glass cliff
n. A senior job or important project, particularly one given to a woman, with a high risk of failure.
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The Glass Cliff has been demonstrated in a number of fields, including FTSE 100 companies, British politics, law and policing, and the research suggests that precarious Glass Cliff positions may be particularly prevalent in male-dominated fields such as ship-ping, logistics and transport.

This may be because women in these industries are often isolated and lack the networks of their male colleagues.

One female executive described what happened to her: "I was placed on a project to manage that was the 'project from hell'. Was I set up for failure? I do not know."
—“Balancing on the edge of the Glass Cliff,” Lloyd's List, September 21, 2006
'Why are women so awful to each other?' 'Do Men Make Better Bosses?' 'Nurturer or Queen Bee?' - these are some recent headlines that suggest something is wrong with women in senior leadership and management positions.The barriers to women's progress in leadership and management are well known - from the 'glass ceiling' or 'glass cliff' to the 'Mommy track'. But how should women support each other to reach senior positions?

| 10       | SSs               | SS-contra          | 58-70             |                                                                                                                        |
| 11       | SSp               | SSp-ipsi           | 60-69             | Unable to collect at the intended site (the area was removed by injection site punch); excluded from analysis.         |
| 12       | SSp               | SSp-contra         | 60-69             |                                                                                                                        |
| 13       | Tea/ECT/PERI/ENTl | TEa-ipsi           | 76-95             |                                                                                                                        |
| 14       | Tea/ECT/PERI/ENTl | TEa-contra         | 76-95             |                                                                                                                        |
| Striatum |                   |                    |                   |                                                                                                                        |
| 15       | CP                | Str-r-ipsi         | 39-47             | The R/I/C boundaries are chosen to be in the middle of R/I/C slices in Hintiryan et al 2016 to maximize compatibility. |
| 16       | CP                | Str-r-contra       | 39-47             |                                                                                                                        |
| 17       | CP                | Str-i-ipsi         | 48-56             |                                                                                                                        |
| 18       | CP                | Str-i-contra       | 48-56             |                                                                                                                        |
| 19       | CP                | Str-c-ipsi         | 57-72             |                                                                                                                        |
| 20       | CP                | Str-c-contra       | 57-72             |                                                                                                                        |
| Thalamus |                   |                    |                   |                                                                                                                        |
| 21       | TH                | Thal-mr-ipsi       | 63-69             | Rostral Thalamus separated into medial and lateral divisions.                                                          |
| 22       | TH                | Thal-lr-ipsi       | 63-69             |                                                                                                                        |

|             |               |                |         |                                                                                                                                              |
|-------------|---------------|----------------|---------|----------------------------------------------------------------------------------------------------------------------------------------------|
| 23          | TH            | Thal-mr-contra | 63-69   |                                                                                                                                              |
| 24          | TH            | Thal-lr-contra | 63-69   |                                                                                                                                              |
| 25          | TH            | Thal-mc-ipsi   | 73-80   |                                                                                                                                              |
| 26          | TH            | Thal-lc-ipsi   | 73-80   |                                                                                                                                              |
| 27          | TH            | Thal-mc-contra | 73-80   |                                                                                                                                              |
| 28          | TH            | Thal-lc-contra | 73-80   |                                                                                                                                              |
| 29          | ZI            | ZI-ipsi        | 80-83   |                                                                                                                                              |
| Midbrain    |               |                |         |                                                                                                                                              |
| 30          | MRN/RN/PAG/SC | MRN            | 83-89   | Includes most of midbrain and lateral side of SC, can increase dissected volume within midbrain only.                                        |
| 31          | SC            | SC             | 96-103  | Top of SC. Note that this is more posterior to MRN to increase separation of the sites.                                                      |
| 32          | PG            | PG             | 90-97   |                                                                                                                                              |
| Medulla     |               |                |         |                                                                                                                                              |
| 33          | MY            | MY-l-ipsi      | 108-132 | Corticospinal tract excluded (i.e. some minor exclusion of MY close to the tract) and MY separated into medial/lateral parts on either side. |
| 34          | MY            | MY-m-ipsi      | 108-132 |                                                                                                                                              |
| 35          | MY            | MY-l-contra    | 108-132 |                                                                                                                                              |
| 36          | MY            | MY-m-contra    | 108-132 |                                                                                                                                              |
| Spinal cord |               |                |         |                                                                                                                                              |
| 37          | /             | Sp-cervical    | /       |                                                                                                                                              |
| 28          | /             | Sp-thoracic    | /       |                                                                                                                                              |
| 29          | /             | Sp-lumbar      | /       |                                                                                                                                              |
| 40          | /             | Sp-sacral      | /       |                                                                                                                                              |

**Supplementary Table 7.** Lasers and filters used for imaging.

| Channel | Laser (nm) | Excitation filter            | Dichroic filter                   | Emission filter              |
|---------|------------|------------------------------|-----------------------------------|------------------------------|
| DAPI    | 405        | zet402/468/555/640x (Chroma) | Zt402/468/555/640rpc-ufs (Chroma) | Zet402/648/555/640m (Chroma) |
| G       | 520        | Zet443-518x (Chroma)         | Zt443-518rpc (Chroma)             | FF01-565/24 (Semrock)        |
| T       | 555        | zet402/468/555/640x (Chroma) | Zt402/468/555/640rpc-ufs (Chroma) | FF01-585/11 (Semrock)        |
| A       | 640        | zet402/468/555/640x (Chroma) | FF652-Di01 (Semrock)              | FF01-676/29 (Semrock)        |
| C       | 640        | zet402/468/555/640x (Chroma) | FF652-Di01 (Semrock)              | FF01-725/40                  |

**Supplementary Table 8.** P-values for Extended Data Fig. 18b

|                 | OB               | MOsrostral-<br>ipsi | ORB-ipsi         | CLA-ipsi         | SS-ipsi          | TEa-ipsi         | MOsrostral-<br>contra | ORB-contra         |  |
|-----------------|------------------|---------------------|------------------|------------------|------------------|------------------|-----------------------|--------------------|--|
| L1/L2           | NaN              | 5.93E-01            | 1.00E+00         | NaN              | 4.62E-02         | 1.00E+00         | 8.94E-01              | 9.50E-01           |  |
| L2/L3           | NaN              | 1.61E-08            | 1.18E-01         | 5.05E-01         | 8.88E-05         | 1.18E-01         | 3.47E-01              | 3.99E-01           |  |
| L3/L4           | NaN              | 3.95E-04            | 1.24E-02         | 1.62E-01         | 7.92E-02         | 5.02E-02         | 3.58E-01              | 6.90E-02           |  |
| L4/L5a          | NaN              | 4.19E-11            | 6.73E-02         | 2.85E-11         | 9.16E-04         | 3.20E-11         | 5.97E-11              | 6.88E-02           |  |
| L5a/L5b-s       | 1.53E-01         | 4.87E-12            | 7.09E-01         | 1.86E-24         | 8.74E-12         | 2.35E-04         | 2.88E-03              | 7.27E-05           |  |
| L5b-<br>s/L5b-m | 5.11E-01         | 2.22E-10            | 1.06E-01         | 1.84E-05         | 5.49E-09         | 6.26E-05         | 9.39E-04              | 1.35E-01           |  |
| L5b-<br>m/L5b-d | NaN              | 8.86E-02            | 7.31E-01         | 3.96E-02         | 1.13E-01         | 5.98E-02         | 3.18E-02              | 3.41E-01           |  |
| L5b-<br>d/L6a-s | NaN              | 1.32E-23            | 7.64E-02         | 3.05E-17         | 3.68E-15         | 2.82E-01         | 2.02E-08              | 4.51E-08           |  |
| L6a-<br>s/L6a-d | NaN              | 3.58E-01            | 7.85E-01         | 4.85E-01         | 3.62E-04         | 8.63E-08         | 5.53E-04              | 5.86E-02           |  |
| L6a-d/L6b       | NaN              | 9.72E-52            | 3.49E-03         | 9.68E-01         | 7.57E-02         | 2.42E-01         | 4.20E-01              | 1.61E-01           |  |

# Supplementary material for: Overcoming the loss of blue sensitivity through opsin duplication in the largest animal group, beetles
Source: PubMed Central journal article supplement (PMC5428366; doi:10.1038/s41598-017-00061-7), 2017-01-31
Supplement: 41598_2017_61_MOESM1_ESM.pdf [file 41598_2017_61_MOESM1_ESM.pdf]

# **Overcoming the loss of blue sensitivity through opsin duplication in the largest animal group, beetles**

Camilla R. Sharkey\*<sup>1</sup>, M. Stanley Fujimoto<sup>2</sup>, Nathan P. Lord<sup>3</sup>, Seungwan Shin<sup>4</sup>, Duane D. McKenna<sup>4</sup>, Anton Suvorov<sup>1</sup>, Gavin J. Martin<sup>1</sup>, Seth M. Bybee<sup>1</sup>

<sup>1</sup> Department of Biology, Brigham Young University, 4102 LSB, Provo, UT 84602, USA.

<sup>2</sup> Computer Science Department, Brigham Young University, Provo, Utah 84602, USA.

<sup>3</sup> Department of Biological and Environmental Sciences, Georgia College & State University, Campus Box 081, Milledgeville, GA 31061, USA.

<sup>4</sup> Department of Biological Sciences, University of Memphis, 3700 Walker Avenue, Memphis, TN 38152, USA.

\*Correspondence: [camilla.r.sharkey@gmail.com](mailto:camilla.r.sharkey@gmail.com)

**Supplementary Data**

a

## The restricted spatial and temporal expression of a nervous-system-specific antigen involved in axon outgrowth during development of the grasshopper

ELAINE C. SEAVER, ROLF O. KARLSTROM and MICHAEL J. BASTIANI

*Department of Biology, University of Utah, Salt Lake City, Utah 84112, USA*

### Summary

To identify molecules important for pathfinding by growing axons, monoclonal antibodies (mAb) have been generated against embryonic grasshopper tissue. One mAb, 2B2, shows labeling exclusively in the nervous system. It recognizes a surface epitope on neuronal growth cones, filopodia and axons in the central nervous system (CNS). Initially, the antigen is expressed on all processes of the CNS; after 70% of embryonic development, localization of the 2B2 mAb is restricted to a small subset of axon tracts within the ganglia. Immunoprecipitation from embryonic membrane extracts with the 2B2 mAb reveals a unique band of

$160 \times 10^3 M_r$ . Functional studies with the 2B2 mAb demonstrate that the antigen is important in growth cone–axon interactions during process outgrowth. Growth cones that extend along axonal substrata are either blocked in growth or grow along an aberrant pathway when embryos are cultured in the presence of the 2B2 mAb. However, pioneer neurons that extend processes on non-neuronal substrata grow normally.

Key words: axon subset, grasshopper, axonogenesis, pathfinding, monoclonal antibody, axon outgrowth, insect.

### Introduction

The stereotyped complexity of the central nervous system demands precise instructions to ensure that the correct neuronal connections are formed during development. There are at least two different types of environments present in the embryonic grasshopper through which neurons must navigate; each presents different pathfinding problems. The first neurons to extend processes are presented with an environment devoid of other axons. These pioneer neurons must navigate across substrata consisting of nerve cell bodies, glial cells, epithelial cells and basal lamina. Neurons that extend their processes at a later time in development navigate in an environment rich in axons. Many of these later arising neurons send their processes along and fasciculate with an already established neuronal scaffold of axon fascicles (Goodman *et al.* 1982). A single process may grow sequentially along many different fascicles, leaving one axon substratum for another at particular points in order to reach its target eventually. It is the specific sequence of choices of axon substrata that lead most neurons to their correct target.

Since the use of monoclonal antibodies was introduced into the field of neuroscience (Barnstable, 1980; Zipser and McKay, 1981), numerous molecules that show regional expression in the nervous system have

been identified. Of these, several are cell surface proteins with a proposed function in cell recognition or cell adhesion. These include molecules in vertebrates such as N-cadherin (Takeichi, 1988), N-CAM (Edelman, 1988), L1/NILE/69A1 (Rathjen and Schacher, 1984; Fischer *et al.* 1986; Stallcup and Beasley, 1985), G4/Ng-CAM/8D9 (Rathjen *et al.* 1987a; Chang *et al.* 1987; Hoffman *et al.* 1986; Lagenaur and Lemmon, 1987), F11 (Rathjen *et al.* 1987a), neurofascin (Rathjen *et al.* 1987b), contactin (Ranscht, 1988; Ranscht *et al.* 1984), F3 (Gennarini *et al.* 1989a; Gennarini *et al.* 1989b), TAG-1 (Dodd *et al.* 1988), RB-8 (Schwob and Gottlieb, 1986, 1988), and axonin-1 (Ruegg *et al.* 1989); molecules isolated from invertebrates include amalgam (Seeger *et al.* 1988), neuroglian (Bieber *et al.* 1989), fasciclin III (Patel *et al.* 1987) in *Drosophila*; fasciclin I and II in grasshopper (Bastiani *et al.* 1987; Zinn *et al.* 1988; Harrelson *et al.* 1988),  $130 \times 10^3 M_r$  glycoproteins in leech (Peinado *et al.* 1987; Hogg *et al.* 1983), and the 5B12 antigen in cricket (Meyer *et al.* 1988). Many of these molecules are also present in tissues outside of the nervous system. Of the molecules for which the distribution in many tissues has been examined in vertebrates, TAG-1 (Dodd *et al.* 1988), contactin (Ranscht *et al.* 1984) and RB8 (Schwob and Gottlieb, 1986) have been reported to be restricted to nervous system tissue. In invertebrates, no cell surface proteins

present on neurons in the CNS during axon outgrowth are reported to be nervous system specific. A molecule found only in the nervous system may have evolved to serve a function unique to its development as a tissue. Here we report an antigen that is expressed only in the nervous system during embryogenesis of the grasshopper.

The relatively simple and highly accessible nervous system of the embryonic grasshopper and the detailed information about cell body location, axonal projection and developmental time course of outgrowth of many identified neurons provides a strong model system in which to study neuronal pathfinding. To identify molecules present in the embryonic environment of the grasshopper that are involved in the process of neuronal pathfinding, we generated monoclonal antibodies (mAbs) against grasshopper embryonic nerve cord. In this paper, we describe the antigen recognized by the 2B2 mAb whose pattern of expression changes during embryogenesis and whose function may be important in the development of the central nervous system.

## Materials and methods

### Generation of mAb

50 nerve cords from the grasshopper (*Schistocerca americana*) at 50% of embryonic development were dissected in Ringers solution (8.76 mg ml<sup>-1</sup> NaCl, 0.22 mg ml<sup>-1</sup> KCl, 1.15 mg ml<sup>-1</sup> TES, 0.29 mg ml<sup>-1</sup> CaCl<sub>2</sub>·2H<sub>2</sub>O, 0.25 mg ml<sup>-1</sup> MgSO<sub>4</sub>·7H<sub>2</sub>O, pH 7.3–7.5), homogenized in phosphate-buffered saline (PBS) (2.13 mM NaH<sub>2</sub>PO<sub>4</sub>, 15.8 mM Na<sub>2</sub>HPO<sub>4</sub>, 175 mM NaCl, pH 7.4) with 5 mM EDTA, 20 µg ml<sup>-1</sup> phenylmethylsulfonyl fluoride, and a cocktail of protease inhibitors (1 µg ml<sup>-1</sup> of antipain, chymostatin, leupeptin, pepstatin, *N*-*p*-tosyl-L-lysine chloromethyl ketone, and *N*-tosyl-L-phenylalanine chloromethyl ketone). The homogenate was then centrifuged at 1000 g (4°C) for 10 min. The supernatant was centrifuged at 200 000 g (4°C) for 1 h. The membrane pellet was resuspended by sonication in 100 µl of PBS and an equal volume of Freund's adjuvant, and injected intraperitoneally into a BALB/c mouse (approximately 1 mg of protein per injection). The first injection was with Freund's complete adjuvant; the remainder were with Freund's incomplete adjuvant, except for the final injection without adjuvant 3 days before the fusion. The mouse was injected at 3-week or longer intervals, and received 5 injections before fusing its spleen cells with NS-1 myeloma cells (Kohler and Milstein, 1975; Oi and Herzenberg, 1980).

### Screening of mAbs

—Sharon Mavin, “Venus envy: sisters are ruining it for themselves,” Personnel Today, August 08, 2006
2003 (earliest)
There has been much research and conjecture concerning the barriers women face in trying to climb the corporate ladder, with evidence suggesting that they typically confront a 'glass ceiling' while men are more likely to benefit from a 'glass escalator'. But what happens when women do achieve leadership roles? And what sorts of positions are they given? This paper argues that while more women are now achieving more high profile positions, they are more likely than men to find themselves on a 'glass-cliff', such that their position of leadership is risky or precarious.
—Michelle K. Ryan & S. Alexander Haslam, “The Glass Cliff: Evidence that Women Are Over-Represented in Precarious Leadership Positions” (PDF), British Journal of Management, December 17, 2003